FIGS. 4A, 4B, 4C, 4D and 4E illustrate the effect that the functional parameters have on the response characteristics of the family of filters shown in FIGS. 1, 2 and 3.
In the embodiments illustrated in the accompanying drawings, the passive components are designated by reference characters, the relative values of which will be such as to satisfy the equations found in the following technical description.
Referring to FIGS. 1 to 3, each of the functionally tunable active filters comprises: an input terminal 10 for connecting an input signal Vi thereto, an output terminal 11 for connecting an output signal Vo therefrom, and a common or ground terminal 12. In addition the filters include a single differential-input operational amplifier A(s) having its output connected to the output terminal 11. A first capacitor C2 and a first resistor R6 are connected in series between the input terminal 10 and the inverting input (-) of the differential amplifier A(s). In addition, a second capacitor C1 is connected between the inverting input and the output of the differential amplifier A(s) . Each of the circuits also includes a second resistor R2 which is connected between the junction of the first capacitor C2 and resistor R6, and the common terminal 12. A third resistor R4 is connected between this junction and the output of the differential amplifier A(s). In addition, each of the filters includes a conductive element which is connected between the non-inverting input (+) of the differential amplifier A(s) and the common terminal 12. In FIG. 1, this conductive element is a direct connection between the non-inverting input and the common terminal 12; while in FIGS. 2 and 3 it is a fourth resistor R5.
In addition to those elements illustrated in FIG. 1, the embodiments of FIGS. 2 and 3 also include a fifth resistor R3 connected between the non-inverting input of the differential amplifier A(s) and the input terminal 10; and a sixth resistor R1 connected between the inverting input of the differential amplifier A(s) and the common terminal 12. While in addition to those elements illustrated in FIG. 2, the embodiment of FIG. 3 also includes a third capacitor C3 connected in shunt with the resistor R1.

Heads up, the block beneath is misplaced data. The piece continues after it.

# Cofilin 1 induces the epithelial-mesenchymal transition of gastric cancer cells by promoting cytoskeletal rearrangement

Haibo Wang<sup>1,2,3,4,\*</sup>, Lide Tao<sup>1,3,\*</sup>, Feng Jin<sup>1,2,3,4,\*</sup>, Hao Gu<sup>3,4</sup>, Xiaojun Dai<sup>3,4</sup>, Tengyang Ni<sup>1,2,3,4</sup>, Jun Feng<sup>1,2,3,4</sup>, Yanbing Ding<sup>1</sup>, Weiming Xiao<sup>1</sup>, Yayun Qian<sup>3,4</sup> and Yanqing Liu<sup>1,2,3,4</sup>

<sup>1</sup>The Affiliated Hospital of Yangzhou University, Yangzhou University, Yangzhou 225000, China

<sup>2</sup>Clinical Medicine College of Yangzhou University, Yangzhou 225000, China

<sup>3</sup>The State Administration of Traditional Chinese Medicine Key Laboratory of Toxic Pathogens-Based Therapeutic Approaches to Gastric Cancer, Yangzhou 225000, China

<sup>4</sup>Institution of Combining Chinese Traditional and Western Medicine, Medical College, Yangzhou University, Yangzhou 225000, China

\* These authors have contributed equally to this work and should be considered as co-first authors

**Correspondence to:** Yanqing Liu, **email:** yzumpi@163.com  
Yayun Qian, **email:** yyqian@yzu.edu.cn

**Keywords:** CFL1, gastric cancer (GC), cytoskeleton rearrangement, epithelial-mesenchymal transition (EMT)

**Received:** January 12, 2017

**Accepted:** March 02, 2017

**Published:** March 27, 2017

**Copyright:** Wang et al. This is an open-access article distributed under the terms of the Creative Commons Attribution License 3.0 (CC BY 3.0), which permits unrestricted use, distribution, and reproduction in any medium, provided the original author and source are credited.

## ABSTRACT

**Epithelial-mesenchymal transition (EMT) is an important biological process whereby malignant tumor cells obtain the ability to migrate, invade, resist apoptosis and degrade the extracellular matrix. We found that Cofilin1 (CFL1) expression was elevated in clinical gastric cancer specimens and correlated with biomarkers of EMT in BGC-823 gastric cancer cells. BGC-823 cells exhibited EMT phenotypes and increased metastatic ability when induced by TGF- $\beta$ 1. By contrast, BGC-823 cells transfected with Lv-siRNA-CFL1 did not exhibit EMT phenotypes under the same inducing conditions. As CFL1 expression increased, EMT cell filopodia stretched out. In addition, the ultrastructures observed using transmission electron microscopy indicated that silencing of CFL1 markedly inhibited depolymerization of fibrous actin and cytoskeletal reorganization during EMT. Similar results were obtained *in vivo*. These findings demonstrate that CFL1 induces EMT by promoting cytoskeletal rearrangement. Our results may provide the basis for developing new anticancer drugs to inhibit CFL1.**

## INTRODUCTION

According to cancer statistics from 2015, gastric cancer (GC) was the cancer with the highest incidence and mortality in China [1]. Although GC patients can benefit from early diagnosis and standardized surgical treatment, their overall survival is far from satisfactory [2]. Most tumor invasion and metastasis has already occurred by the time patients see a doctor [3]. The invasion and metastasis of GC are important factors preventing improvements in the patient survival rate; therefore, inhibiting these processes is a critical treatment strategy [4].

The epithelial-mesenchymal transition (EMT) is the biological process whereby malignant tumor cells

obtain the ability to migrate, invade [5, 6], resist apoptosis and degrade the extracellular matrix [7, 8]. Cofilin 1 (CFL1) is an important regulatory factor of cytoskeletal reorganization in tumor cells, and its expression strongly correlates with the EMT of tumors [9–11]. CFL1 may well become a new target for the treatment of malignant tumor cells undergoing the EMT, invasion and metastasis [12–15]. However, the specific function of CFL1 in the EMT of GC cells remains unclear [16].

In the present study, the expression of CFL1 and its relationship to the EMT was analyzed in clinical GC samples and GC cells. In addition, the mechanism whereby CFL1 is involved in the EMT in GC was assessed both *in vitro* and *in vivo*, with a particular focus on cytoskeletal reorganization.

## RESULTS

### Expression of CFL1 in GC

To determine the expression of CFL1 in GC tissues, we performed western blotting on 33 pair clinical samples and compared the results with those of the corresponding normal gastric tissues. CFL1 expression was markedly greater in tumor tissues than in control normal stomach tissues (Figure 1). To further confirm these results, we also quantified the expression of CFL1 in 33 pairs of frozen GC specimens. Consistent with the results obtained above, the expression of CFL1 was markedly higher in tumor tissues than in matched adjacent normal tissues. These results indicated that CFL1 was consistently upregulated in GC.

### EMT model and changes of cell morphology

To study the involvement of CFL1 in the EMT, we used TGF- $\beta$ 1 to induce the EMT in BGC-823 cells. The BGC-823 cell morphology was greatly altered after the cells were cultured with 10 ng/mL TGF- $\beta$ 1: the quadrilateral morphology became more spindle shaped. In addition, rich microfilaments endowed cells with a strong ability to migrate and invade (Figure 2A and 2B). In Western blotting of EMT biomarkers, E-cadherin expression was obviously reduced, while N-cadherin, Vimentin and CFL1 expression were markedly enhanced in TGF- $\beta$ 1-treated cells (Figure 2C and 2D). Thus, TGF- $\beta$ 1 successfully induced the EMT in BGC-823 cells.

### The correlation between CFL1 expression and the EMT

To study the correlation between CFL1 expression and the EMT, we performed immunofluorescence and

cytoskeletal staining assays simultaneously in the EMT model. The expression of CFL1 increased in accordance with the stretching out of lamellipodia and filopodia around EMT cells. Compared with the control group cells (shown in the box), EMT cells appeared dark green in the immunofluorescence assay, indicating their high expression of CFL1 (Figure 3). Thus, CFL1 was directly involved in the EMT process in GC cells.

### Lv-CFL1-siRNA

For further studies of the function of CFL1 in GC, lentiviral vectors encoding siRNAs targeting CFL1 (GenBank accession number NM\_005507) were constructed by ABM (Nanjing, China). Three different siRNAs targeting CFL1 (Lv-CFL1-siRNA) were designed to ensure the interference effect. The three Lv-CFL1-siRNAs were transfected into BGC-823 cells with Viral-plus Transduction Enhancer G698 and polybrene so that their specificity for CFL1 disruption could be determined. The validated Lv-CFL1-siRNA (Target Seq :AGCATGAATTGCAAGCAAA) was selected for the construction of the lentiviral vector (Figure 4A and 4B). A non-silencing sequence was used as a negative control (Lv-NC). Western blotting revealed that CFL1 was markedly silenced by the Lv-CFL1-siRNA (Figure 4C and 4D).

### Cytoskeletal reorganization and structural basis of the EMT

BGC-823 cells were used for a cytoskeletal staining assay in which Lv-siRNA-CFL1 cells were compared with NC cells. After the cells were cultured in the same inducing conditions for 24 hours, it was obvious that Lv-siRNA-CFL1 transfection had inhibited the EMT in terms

As is manifest hereinafter, the three circuits illustrate a family of functionally tunable RC-active filters which realize a band-pass filter in FIG. 1, a low-pass notch filter in FIG. 2, and depending upon the element values, a high-pass notch filter, an all-pass filter or a band-stop filter in FIG. 3.
The voltage transfer function of a general biquadratic filter has the form: ##EQU1##
Unidirectional functional tuning of such a filter can be achieved through resistive trimming, if the term containing the pole quality factor ωo /Qo is dependent upon a resistor value that does not affect the pole resonant frequency term ωo 2 ; the zero resonant frequency term ωz 2 is dependent upon a resistor value that does not affect either ωo 2 or ωo /Qo ; and finally, the term containing the zero quality factor ωz /Qz is dependent upon a resistor value that does not affect any of the other terms ωo 2, ωo /Qo or ωz 2.
If the differential amplifier is ideal, i.e. A(s) → ∞, then the voltage transfer function of the circuit illustrated in FIG. 3 has the form: ##EQU2## Comparing equations (1) and (2), it can be seen that: ##EQU3##
From the above set of equations, it is evident that: